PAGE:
In today’s environment, the transfer of a stock portfolio as part of a corporate reorganization or an attempt to realize losses must be handled carefully to ensure that accrued capital losses don’t vanish.
There are a number of situations in which a taxpayer may wish to make a transfer of a stock portfolio. For example, a substantial investment by an individual in U.S. stocks may be subject to estate tax. One way to sidestep this problem would be to transfer the portfolio to a Canadian holding company. In the course of a “purification” of a small business corporation for purposes of accessing the capital gains exemption, a stock portfolio may have to be transferred from an operating company to a holding company. Finally, an individual may wish to crystallize accrued losses while retaining the stock in order to shelter capital gains in the year, or the three prior years.
If a stock portfolio is to be transferred to a related party, knowledge of the “stop loss” rules contained in the Income Tax Act (“the Act”) is essential. There are a number of such rules that will affect losses in different ways, depending on the transaction.
Transfer by an Individual to a Corporation
The “superficial loss” rules generally deny capital losses where a taxpayer disposes of capital property and, within 30 days, an affiliated person has acquired the property. An individual is affiliated with a corporation when he or his spouse controls the corporation. The corporation must add the denied loss to the adjusted cost base (“ACB”) of the property it receives. Thus, a transfer of a stock portfolio with both gains and losses may be performed through the use of the rollover provisions in section 85 of the Act. The elected amount for the shares with accrued gains would be their ACB. For the shares with accrued losses, the elected amount cannot exceed the fair market value of the shares. The loss on the transfer will be added to the corporation’s ACB of the shares, and the rollover will effectively be completed.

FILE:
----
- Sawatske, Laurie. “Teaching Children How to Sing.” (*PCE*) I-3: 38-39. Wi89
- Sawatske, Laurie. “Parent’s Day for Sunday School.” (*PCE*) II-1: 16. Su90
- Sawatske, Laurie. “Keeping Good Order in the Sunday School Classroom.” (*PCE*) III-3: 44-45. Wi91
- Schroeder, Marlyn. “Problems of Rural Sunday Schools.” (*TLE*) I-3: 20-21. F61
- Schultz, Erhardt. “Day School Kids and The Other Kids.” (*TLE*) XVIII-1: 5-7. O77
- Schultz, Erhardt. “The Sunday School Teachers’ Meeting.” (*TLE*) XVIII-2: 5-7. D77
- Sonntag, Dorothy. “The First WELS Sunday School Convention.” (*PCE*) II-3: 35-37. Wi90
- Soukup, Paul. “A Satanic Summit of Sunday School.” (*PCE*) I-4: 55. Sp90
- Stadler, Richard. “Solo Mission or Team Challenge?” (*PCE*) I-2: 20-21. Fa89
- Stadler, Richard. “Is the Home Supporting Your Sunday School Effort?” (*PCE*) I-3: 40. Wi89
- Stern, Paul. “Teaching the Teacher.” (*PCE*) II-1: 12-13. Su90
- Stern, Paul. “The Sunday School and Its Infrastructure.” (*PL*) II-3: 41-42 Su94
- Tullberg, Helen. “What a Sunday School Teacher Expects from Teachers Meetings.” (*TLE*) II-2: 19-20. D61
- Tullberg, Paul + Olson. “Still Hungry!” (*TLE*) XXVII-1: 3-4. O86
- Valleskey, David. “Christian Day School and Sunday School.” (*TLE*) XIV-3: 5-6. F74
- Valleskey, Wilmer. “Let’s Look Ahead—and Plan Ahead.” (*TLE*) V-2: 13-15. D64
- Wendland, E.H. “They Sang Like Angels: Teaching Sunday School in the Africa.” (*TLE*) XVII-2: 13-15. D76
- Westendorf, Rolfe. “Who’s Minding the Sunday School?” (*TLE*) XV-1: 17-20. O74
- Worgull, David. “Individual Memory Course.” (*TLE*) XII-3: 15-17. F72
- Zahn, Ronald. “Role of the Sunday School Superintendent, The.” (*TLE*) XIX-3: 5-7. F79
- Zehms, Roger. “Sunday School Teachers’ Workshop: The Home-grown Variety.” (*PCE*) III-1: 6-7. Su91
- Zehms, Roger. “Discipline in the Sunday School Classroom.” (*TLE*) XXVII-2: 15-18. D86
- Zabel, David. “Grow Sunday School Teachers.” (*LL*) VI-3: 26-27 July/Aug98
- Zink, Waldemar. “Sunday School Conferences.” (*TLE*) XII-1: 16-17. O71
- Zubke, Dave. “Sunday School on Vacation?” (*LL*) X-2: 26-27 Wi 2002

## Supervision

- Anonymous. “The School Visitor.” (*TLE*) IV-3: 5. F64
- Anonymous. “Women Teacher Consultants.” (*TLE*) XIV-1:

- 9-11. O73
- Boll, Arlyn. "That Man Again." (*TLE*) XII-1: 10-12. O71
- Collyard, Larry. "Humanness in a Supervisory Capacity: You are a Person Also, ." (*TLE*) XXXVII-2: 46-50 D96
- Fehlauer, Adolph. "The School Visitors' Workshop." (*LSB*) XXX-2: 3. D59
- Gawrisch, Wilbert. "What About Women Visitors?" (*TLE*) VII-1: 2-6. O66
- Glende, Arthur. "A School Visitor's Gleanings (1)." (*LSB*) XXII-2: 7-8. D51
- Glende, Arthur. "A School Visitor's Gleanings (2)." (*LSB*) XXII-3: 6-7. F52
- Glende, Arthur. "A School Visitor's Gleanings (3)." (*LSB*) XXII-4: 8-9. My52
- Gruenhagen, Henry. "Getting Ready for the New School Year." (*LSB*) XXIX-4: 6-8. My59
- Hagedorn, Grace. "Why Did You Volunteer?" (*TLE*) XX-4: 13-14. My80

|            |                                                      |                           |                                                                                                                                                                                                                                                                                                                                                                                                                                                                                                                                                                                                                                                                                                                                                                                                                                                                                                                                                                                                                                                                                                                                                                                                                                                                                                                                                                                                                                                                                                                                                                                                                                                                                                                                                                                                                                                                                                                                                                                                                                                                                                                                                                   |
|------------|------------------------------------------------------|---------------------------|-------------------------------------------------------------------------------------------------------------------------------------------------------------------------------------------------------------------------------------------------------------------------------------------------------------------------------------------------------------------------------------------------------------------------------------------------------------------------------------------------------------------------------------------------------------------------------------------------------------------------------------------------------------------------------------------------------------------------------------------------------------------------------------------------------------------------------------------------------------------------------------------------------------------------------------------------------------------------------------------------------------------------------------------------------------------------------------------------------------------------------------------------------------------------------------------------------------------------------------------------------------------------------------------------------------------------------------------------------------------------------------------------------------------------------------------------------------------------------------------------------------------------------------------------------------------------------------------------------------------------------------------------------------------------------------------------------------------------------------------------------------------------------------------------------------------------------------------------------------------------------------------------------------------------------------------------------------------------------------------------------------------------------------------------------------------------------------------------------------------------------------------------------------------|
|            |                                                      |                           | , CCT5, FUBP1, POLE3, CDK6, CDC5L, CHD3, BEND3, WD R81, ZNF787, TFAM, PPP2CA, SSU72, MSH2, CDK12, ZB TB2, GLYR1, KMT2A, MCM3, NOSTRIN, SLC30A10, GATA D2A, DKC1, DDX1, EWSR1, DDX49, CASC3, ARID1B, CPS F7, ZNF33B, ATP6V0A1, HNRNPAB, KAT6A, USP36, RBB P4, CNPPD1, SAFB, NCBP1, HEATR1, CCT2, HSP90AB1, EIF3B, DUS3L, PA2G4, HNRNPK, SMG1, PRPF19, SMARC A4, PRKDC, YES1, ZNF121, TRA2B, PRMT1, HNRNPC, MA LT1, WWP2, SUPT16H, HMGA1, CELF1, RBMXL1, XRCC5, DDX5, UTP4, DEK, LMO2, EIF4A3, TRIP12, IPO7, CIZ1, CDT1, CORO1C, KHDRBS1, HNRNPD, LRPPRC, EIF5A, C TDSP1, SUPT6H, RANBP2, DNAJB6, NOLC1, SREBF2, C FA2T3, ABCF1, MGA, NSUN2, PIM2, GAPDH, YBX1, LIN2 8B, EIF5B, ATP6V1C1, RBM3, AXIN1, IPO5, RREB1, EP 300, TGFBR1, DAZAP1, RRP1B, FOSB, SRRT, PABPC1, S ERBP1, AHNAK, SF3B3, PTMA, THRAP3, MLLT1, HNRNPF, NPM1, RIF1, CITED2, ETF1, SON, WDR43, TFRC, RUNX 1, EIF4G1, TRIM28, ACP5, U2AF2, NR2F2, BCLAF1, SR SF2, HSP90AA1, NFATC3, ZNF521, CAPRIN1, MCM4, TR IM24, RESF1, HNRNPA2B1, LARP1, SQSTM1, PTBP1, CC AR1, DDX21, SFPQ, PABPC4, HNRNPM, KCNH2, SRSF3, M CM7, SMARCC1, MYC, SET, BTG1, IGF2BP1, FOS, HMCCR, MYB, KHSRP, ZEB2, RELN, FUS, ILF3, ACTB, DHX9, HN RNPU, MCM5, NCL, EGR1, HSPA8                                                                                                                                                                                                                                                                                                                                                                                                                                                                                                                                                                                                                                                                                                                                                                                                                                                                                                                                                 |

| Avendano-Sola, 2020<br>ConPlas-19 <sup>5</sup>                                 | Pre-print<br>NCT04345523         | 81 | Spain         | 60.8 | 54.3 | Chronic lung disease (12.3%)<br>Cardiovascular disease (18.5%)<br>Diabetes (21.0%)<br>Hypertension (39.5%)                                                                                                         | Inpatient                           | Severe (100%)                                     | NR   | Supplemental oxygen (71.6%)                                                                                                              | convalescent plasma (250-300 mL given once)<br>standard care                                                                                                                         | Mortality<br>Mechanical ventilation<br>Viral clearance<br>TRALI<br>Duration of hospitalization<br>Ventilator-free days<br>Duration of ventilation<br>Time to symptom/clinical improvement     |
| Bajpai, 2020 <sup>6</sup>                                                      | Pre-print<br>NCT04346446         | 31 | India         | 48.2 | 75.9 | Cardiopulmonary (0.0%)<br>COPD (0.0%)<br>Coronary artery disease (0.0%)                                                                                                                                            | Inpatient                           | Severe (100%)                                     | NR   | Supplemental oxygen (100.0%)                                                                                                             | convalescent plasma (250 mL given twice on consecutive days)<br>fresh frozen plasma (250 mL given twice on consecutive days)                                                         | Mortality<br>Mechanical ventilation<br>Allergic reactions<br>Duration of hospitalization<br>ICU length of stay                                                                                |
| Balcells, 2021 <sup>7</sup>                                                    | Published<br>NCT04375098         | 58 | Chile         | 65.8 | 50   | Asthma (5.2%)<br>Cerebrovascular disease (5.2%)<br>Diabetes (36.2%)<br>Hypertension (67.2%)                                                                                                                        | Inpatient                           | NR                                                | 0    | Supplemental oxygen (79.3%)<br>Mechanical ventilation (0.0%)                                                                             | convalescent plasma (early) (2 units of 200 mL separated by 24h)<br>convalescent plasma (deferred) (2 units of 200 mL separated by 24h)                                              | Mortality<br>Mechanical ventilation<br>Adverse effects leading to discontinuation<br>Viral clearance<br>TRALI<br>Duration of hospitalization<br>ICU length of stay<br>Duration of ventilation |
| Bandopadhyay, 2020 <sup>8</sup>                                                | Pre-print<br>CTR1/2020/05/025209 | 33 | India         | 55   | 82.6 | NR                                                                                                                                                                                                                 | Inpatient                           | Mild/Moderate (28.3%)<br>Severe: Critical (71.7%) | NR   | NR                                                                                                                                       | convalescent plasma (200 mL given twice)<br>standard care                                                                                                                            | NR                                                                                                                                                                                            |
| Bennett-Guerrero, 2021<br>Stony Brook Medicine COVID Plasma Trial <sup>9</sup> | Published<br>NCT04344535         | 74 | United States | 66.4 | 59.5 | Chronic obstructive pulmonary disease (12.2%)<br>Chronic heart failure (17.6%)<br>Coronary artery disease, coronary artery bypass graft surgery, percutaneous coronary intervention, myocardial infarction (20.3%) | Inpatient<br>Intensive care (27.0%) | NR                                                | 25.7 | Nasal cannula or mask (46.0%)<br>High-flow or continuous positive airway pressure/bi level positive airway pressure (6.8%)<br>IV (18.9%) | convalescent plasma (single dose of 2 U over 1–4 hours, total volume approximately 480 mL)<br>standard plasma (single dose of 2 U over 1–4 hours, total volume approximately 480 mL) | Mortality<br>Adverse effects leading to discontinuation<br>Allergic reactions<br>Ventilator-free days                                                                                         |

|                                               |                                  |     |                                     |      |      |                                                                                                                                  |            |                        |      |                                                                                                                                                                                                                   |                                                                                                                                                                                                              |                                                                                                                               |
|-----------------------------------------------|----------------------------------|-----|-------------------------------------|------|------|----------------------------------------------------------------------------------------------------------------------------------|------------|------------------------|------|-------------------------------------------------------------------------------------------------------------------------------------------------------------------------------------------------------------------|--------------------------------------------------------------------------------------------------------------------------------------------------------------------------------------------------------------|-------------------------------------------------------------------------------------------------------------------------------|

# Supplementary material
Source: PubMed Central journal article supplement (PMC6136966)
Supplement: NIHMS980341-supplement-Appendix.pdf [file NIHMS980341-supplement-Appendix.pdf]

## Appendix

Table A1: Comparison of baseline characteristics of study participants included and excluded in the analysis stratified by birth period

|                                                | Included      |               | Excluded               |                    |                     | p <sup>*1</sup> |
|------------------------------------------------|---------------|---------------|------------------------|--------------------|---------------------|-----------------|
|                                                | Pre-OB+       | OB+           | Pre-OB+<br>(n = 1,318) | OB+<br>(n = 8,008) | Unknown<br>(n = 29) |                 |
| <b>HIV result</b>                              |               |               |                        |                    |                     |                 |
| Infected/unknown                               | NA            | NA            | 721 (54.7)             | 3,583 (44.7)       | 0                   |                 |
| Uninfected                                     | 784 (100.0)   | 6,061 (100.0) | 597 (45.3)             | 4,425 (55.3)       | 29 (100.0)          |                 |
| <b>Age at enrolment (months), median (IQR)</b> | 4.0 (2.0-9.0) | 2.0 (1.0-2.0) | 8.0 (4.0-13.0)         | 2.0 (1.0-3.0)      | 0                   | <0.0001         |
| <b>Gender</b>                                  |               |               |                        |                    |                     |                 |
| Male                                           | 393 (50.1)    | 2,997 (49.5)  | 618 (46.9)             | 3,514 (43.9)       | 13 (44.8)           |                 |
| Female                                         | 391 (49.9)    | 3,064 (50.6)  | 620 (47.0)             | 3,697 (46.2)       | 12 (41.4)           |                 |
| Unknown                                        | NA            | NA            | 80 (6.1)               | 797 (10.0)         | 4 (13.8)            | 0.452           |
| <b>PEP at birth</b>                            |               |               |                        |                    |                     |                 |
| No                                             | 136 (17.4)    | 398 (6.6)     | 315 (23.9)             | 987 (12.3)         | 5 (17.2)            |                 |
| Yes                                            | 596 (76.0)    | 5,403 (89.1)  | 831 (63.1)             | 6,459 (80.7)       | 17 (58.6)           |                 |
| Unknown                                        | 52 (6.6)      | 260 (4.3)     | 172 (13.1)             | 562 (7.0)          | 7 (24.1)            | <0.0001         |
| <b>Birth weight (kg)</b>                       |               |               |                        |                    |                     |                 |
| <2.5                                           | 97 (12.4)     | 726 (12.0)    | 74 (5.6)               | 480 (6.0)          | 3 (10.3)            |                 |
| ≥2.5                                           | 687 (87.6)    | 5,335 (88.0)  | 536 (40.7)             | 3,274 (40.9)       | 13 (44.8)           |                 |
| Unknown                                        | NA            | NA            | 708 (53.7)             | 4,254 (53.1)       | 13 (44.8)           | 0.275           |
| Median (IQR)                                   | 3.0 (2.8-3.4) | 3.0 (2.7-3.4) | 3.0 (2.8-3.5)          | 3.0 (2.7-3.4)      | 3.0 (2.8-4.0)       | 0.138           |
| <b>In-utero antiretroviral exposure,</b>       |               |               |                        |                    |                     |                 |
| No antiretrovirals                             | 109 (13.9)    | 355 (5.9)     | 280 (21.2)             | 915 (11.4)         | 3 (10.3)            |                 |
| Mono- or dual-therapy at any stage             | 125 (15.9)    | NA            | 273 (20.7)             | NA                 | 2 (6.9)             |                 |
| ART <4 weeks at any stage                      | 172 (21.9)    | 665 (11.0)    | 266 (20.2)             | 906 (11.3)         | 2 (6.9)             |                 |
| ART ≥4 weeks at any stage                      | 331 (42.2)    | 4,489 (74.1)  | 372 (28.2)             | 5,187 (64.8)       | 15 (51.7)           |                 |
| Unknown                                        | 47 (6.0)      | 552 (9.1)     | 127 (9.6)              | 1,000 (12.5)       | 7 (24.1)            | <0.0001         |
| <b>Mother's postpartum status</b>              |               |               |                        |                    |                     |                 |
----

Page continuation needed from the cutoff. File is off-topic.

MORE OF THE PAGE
Transfer by a Corporation
The superficial loss rules discussed above will not apply where the transferor is a corporation. Rather, if a corporation transfers loss property to an affiliated person, losses are “suspended” in the transferor’s hands. Corporations are affiliated where they are controlled by the same person, or affiliated persons. When the property is subsequently sold by the transferee to an arm’s length party, the loss is realized, and may only be used by the original owner. A capital loss may be of little use unless the original corporation incurs capital gains from other sources in the future.
Depending on the nature and reasons for the reorganization, there may be a number of solutions to the above problem. The transferor could retain a sufficient portion of the portfolio to ensure that future gains will be realized to offset the losses. Another answer might be to retain the stock portfolio, and transfer other assets into a new corporation.
Transfer Between Individuals
A transfer between affiliated individuals is subject to the superficial loss rules discussed earlier. The definition of affiliated individuals is restricted to persons who are spouses. Thus, a parent, for example, could transfer stock with accrued losses to a child, and realize the losses for tax purposes.
A planning opportunity exists if one spouse has accrued gains that need to be sheltered. The spouse with losses could transfer assets such that the superficial loss rules apply (care must be taken to avoid certain attribution rules). The accrued losses are effectively transferred from one spouse to the other.
Transfer to an RRSP
Specific rules deny losses where an individual transfers capital property to his RRSP. In effect, the loss is lost forever, since the RRSP is tax exempt. It may be possible to circumvent this rule by selling stock on the open market and repurchasing it immediately within the RRSP. The superficial loss rules will not apply. The CRA may apply the General Anti-Avoidance Rule in such a case. On the other hand, a delay of 30 days to circumvent the superficial loss rules does not seem to be offensive to the CRA.